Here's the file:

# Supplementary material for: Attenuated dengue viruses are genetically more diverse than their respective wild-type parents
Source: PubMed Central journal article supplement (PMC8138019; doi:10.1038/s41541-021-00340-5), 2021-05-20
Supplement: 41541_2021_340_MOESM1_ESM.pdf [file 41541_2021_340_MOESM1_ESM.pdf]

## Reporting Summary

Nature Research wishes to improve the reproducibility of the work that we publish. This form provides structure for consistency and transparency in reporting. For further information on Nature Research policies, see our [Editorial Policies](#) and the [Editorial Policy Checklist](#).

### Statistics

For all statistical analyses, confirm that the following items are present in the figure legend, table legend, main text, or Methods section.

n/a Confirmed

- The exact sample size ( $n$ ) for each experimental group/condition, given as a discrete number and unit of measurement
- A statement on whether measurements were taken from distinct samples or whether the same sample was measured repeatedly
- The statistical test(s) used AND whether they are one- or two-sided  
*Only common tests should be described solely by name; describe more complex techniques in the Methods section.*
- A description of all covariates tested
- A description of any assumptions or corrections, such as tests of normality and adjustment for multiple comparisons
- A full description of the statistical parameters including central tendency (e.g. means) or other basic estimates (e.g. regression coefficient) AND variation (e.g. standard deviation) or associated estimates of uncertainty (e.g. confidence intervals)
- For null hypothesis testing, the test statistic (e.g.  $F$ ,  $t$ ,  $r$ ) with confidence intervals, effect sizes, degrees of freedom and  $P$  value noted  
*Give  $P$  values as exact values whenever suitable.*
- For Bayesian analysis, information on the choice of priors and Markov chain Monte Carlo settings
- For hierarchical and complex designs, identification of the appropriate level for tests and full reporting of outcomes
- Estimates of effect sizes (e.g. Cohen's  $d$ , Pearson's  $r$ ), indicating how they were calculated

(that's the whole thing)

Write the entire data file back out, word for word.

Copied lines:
# Supplementary material for: Attenuated dengue viruses are genetically more diverse than their respective wild-type parents
Source: PubMed Central journal article supplement (PMC8138019; doi:10.1038/s41541-021-00340-5), 2021-05-20
Supplement: 41541_2021_340_MOESM1_ESM.pdf [file 41541_2021_340_MOESM1_ESM.pdf]

## Reporting Summary

Nature Research wishes to improve the reproducibility of the work that we publish. This form provides structure for consistency and transparency in reporting. For further information on Nature Research policies, see our [Editorial Policies](#) and the [Editorial Policy Checklist](#).

### Statistics

For all statistical analyses, confirm that the following items are present in the figure legend, table legend, main text, or Methods section.

n/a Confirmed

- The exact sample size ( $n$ ) for each experimental group/condition, given as a discrete number and unit of measurement
- A statement on whether measurements were taken from distinct samples or whether the same sample was measured repeatedly
- The statistical test(s) used AND whether they are one- or two-sided  
*Only common tests should be described solely by name; describe more complex techniques in the Methods section.*
- A description of all covariates tested
- A description of any assumptions or corrections, such as tests of normality and adjustment for multiple comparisons
- A full description of the statistical parameters including central tendency (e.g. means) or other basic estimates (e.g. regression coefficient) AND variation (e.g. standard deviation) or associated estimates of uncertainty (e.g. confidence intervals)
- For null hypothesis testing, the test statistic (e.g.  $F$ ,  $t$ ,  $r$ ) with confidence intervals, effect sizes, degrees of freedom and  $P$  value noted  
*Give  $P$  values as exact values whenever suitable.*
- For Bayesian analysis, information on the choice of priors and Markov chain Monte Carlo settings
- For hierarchical and complex designs, identification of the appropriate level for tests and full reporting of outcomes
- Estimates of effect sizes (e.g. Cohen's  $d$ , Pearson's  $r$ ), indicating how they were calculated